2. Dynamic Updating: Mental models are not static; they are updated continually as new information is processed. During discourse comprehension, individuals revise their mental models to accommodate new data, resolve inconsistencies, and integrate insights, which allows for a deeper understanding and retention of the discourse.
  3. Role of Background Knowledge: The construction of mental models is heavily influenced by an individual’s background knowledge, including their personal experiences, cultural background, and expertise in the subject matter. This background knowledge provides a framework that shapes how information is interpreted and how connections are made within the model.

2) Use of Mental Models in Discourse Production

  1. Guiding Content Selection and Organization: In producing discourse, speakers or writers rely on mental models to select which information to include and how to organize it effectively. This process involves considering the audience’s knowledge and expectations, the goals of the discourse, and how best to convey the intended message.
  2. Facilitating Coherence and Cohesion: Mental models help ensure that discourse is coherent and cohesive, guiding the discourse producer in connecting ideas logically and maintaining thematic consistency. This coherence is achieved through the strategic use of linguistic cues and structures that reflect the underlying mental model.
  3. Adapting to Audience and Context: Effective discourse production involves tailoring one’s mental model to align with the anticipated models of the audience. This includes using language and examples that are accessible to the audience, addressing potential questions or objections, and emphasizing information that is likely to resonate with the listeners’ or readers’ own models.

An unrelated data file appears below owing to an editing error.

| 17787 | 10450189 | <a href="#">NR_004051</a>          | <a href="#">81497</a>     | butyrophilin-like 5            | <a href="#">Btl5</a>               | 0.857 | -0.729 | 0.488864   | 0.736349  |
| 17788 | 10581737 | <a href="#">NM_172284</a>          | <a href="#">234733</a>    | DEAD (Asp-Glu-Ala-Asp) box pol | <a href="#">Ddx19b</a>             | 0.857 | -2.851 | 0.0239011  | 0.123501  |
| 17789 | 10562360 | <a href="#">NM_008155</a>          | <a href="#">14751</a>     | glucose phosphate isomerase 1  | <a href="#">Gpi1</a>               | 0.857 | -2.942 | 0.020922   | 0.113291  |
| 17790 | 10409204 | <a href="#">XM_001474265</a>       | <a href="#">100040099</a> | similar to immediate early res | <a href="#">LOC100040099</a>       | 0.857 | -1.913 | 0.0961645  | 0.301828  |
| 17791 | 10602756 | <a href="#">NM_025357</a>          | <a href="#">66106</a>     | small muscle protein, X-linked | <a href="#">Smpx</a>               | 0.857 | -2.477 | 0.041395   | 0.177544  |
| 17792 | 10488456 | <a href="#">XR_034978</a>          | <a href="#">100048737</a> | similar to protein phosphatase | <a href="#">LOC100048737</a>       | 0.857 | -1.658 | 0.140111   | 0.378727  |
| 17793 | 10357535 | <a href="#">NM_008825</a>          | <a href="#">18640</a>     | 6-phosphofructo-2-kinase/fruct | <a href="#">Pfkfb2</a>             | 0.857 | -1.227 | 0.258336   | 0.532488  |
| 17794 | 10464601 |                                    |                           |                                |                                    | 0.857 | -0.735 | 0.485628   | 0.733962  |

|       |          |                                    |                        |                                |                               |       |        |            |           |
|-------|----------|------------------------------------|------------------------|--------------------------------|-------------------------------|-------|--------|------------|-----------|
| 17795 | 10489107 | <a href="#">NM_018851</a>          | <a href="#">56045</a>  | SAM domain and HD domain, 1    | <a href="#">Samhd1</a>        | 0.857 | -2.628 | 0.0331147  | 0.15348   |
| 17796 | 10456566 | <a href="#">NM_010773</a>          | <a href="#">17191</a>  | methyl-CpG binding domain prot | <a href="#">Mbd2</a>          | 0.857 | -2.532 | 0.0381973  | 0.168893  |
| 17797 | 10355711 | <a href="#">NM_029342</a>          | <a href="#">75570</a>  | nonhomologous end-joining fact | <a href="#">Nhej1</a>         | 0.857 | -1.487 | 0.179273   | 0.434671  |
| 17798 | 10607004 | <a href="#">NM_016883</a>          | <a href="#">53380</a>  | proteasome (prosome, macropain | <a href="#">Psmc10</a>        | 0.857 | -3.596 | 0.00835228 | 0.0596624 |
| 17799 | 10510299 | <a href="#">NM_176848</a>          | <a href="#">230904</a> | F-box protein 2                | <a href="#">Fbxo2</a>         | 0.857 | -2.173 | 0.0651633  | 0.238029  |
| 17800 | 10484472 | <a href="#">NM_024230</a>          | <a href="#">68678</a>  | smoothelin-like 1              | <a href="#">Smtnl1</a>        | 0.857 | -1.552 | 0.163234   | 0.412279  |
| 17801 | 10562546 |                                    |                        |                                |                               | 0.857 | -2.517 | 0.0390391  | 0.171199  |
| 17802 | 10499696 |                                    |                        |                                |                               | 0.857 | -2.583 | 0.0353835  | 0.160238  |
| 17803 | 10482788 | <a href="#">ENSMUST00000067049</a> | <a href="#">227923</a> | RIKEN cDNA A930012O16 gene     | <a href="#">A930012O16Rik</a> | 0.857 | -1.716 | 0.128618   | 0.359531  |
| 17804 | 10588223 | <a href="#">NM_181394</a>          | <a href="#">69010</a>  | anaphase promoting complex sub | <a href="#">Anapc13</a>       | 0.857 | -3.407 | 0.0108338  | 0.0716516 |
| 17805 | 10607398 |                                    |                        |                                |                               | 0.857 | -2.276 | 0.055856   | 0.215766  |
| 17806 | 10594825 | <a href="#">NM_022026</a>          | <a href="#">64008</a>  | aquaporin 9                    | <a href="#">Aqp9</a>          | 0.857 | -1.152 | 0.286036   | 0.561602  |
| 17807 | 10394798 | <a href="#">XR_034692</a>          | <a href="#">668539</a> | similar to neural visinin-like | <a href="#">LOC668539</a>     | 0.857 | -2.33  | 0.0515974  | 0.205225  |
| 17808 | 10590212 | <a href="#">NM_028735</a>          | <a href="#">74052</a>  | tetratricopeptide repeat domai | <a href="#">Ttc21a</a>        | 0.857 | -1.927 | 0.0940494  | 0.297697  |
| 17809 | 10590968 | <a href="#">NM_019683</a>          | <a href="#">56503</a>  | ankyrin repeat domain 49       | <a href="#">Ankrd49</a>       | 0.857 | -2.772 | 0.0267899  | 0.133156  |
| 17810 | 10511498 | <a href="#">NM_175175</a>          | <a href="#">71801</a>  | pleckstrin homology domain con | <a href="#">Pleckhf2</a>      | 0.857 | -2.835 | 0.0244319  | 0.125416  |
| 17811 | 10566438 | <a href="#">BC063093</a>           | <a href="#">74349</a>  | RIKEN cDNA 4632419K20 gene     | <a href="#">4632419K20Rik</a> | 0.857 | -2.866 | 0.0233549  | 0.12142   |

3) Impact of Mental Models on Discourse Interpretation

  1. Influence on Perception and Attention: Mental models influence what individuals notice in a discourse and how they prioritize information. Elements of the discourse that align with the constructed mental model are more likely to be remembered and deemed important.
  2. Interpretive Framework: Mental models provide a framework for interpreting the meanings of words, sentences, and larger discourse structures. They help individuals understand implied meanings, make predictions about what will come next, and infer the speaker’s or writer’s intentions.
  3. Cross-cultural and Interpersonal Differences: Variations in mental models across different cultural and social backgrounds can lead to divergent interpretations of the same discourse. Understanding these differences is crucial for effective communication and interpretation in multicultural settings.

In conclusion, mental models are central to both the production and comprehension of discourse, shaping how information is constructed, conveyed, and understood. By exploring how individuals build and use these models, researchers in discourse analysis can gain deeper insights into the cognitive processes underlying language use, enhancing our understanding of communication practices and strategies for effective discourse across various contexts.